A Louisiana House subcommittee on Tuesday voted to support a police-reform recommendation that would dismantle the qualified immunity that blocks lawsuits against police officers who wrongfully kill or injure citizens. It is perhaps the most critical of the 18 recommendations being submitted by the legislature’s Police Training, Screening and De-escalation Task Force chaired by Sen. Cleo Fields, (D-Baton rouge).
The House Qualified Immunity Subcommittee of House Civil Law and Procedure voted unanimously to support the task force’s recommendation that “No element of qualified immunity shall be available to law enforcement officers as a defense to liability for claims brought under state law for wrongful death, physical injury, or personal injury inflicted by law enforcement officers through any use of physical force in a manner determined by a finder of fact in a judicial proceeding to be unreasonable.”
“It’s protecting too many acts that should not be protected, is that fair to say?” Rep. Greg Miller R-Norco, asked LSU law professor Raymond Diamond about qualified immunity. Diamond, one of the 25 members on the task force, agreed.
The Louisiana Sheriffs Association and the Fraternal Order of Police — two powerful political forces in the state — expressed cautious support for changing the immunity rules. Representatives from each organization served on the task force.
Fraternal Order of Police General Counsel Donovan Livaccari asked lawmakers to be mindful of any unforeseen consequences the proposal might have, such as a negative impact on recruiting.
“It’s something that we have to keep an eye on closely,” Livaccari said, adding that the union does not oppose the language as it is currently written.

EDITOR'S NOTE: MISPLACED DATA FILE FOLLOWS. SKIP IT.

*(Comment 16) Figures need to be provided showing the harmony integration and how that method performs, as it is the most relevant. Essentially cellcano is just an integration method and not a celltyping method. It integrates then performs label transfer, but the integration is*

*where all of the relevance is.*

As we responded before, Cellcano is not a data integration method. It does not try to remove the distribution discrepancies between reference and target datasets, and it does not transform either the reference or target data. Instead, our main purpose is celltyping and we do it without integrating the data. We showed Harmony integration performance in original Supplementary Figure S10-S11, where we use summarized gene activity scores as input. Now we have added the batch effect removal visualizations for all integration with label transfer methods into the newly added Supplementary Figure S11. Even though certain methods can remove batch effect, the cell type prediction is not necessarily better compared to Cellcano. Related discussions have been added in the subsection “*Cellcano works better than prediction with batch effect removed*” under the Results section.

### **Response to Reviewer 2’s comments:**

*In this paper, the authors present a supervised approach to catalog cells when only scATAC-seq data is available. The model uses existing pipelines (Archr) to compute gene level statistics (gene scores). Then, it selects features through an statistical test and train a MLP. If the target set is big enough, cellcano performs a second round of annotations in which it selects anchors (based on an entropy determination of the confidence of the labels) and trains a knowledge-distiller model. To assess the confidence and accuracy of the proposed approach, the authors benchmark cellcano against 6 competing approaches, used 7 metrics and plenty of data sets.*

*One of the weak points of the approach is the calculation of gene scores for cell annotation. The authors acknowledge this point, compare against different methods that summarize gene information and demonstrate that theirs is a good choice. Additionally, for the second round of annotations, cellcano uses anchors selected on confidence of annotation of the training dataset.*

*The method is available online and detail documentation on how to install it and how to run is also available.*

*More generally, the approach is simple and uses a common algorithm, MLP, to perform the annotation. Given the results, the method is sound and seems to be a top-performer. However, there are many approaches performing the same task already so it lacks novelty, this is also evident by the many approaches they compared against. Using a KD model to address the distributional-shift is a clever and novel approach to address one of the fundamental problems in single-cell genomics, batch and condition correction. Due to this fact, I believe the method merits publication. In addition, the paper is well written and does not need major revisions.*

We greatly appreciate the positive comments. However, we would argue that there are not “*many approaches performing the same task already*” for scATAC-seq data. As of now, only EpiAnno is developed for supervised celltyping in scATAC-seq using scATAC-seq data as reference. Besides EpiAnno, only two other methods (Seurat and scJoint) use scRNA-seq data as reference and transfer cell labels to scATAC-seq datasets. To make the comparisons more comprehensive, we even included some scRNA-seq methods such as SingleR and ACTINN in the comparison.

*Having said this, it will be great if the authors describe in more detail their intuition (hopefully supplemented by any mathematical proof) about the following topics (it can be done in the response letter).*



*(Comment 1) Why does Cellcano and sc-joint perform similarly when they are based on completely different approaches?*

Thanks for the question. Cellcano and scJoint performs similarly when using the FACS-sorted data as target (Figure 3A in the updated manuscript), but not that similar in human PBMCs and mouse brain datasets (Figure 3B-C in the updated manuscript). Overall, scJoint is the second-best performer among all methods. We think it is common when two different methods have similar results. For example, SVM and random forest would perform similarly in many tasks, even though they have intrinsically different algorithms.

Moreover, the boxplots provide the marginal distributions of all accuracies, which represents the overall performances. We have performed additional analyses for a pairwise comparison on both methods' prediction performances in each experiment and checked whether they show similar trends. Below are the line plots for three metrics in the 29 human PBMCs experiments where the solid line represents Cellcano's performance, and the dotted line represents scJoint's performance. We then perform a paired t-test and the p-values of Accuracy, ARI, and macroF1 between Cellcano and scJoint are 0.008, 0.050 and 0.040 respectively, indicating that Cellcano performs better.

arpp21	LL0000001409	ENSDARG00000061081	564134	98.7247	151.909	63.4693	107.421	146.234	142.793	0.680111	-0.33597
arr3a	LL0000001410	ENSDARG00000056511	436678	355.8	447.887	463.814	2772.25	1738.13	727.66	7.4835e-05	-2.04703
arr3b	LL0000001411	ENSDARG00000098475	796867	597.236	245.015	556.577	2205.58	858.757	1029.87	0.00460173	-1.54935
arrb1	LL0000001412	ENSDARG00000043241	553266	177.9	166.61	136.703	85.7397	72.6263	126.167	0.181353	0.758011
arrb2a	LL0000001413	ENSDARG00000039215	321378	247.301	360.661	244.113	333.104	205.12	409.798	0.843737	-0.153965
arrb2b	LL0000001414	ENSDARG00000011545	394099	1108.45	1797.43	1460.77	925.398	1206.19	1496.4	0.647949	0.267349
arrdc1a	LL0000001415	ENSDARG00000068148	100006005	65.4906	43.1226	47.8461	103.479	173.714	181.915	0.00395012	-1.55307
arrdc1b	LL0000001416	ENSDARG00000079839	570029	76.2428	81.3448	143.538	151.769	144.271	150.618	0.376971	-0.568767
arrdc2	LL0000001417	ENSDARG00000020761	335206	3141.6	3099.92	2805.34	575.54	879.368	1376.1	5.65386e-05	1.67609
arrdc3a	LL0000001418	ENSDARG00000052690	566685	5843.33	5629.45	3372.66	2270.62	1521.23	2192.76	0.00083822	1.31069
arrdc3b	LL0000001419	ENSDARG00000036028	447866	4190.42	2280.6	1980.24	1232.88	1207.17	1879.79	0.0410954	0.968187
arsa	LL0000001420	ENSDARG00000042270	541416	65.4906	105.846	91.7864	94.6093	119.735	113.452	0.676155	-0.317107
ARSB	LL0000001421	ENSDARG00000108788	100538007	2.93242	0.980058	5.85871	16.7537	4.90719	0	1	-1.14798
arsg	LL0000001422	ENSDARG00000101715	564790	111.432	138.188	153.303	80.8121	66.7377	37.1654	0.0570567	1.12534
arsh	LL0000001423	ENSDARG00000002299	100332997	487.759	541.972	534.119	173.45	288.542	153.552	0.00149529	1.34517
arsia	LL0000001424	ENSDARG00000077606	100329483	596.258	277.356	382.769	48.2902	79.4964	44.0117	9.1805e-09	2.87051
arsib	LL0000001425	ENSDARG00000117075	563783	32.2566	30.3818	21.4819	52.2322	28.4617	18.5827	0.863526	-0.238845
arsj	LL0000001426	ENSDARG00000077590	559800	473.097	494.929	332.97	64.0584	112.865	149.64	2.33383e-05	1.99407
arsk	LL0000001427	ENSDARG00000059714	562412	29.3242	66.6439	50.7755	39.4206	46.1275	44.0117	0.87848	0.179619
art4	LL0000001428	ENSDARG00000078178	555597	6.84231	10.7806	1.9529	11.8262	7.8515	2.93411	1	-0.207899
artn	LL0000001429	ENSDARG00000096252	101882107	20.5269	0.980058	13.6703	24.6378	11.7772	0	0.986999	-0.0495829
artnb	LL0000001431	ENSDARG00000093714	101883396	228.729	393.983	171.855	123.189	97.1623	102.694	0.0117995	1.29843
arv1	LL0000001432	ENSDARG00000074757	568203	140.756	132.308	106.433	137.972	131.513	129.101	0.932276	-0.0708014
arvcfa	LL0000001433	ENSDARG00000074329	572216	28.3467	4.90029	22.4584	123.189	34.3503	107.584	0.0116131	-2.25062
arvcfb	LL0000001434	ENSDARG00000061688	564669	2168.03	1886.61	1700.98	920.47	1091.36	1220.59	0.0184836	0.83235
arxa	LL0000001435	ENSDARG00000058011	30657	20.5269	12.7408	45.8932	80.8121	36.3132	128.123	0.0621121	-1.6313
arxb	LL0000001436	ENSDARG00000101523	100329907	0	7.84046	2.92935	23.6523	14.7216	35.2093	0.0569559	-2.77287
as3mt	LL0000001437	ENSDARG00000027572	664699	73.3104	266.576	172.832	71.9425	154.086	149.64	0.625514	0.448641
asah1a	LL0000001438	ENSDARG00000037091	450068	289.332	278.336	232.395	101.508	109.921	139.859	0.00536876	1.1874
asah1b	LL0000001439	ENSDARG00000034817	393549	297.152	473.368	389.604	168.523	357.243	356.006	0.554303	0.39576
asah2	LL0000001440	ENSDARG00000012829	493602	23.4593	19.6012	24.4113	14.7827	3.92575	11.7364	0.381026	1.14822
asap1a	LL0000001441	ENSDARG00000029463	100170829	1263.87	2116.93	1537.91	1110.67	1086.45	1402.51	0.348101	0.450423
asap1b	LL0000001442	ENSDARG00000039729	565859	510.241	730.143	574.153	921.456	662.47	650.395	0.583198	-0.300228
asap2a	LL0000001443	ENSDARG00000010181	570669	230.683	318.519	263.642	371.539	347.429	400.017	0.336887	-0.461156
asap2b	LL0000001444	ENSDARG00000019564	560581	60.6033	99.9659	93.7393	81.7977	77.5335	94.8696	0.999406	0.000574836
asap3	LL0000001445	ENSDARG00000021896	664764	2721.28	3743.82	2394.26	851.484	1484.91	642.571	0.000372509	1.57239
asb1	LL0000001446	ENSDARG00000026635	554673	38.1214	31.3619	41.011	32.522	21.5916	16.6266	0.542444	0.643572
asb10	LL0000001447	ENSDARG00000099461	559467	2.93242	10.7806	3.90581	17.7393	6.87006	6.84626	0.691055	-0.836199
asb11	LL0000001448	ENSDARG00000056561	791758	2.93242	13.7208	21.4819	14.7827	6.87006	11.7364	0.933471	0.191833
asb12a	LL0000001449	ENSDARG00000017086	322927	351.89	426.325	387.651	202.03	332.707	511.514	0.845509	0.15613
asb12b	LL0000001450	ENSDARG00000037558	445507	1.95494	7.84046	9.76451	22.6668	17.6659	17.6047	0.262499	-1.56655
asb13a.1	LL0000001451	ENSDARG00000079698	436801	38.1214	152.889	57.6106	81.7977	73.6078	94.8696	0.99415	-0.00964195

Qualified immunity exists under both federal and many state laws. In Louisiana, qualified immunity renders police officers and other public employees immune from lawsuits when they commit misconduct, violate someone’s rights or break the law. Though it can apply to many government employees, it is almost exclusively used by police officers.
Diamond said qualified immunity stems from Reconstruction Era federal court decisions that deliberately undermined civil rights legislation and the 14th Amendment’s promise of equal protection under the law. The task force proposes to limit qualified immunity under state law to hold police accountable for misconduct. Allowing civil lawsuits against individual police officers would make officers more conscious of their actions and behavior, Diamond said.
“It’s not just a matter of good government,” Diamond said. “It’s also a matter of the pocketbook.”
The proposal would apply only to lawsuits in state courts and would not affect qualified immunity under federal law. And because police officers are often indemnified or insured by the agencies or municipalities they work for, lawsuits against officers would likely extend, at least financially, to those agencies. In other words, the police departments or cities would likely pay for the damages.
“Yes, this would mean that various jurisdictions would be subject to tort suits,” Diamond said, “but what it would also mean is that those jurisdictions would have more of an incentive to police their own police.”
The Police Training, Screening and De-escalation Task Force was formed last year soon after George Floyd, a Black man, was killed by a White police officer in that city. The task force includes lawmakers from both parties, representatives from law enforcement, professionals, academics, activists and other community stakeholders.
The qualified immunity proposal is expected to be shaped into a bill that will be heard during the legislative session in April.
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